Having a Bad Practice Day? Turn It Around with This 3-Phase Self-Regulation Strategy.
By Noa Kageyama, Ph.D.
As a kid, I remember enjoying lessons much more than I enjoyed practicing. After all, practicing was always a little unpredictable. I never knew if it was going to be one of those “good” practice days where I improved and sounded better – or one of those “bad” days where I got stuck on a plateau.
But in lessons, my teacher would always seem to be able to coax a higher level of playing out of me, and I’d usually leave lessons feeling much more encouraged and optimistic about my playing.
At the time, it seemed like one of those undefinable qualities that made teachers teachers, and students students. But I knew better, as I had a teacher who told me from an early age that her goal was to help me learn how to teach myself. And that this was something she fully expected me to get better at doing from week to week, as I continued my violin studies.
But how exactly are we to do this?
A group of basketball novices
A group of researchers recruited 50 college students to participate in a study about learning how to shoot free throws.
Everyone started out with 10 shots, to establish their baseline level of shooting skill. All had little to no basketball skills, so it wasn’t pretty.
Then they were randomly divided into 5 groups.
The participants were all given a quick 10-minute coaching session on correct free throw shooting technique and form. So everyone started out with a basic understanding of the mechanics involved – the correct stance, how to hold the ball, how to aim and align their shot, execute and follow through, etc..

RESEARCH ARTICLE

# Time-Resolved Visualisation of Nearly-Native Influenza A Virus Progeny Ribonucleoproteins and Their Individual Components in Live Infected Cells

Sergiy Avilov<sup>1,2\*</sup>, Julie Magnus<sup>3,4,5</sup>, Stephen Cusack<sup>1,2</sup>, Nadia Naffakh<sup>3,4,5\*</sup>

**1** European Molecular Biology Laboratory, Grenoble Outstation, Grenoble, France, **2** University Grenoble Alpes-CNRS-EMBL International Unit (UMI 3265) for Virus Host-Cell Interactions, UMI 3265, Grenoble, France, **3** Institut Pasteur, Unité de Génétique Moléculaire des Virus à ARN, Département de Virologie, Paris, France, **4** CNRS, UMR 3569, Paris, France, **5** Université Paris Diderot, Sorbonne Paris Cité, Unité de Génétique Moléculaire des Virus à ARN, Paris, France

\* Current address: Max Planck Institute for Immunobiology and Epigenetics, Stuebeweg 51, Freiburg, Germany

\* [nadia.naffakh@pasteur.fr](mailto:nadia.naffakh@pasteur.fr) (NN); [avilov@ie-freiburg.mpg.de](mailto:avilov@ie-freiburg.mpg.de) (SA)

Then, three of the groups received additional instructions. Not on shooting technique, but on how to practice. A process that’s called “self-regulation” in the literature, but which I like to think of as “self-coaching.”
The 3-phase group was told to set “process goals” before each shot attempt. To focus on the essential technical components (stance, grip, elbow in, etc.) of a successful shot, rather than their shooting performance.
They were also asked to engage in “self-recording.” To monitor their use of these shooting strategies as they were executing the free throw, and to pay attention to what their body was doing as they shot a free throw. Were they bending their knees, following through with their shooting hand, etc.?
Lastly, they were instructed to engage in strategic reflection immediately following each thought. To consider:
a) What happened (e.g. Was my shot too far to the right or left? Short or long?),
b) Why (e.g. Oops! I forgot to keep my elbow pointed at the basket.), and
c) Make adjustments to technique for the next shot (e.g. Gotta keep my elbow in this time.)
The 2-phase group was instructed in the process goal and self-recording phases of practice.
The 1-phase group was instructed only on the process goal phase.
Two control groups
And then there were two control groups – a practice-only group, which practiced shooting free throws, but received no instructions on practice technique, and then a no-practice group, which didn’t practice free throws at all.
12 minutes of practice…then a test
After 12 minutes of practice, the students were given 10 shots to see if there were any improvements in their shooting performance1
How’d they do?
Did the practice guidelines help?
The 3-phase and 2-phase groups performed better on the post-practice shooting test than the 1-phase group, practice-only group, and no-practice group. Admittedly, it’s not like they were suddenly shooting the lights out, but after just 12 minutes of practice, there was already a statistically significant difference in their level of performance.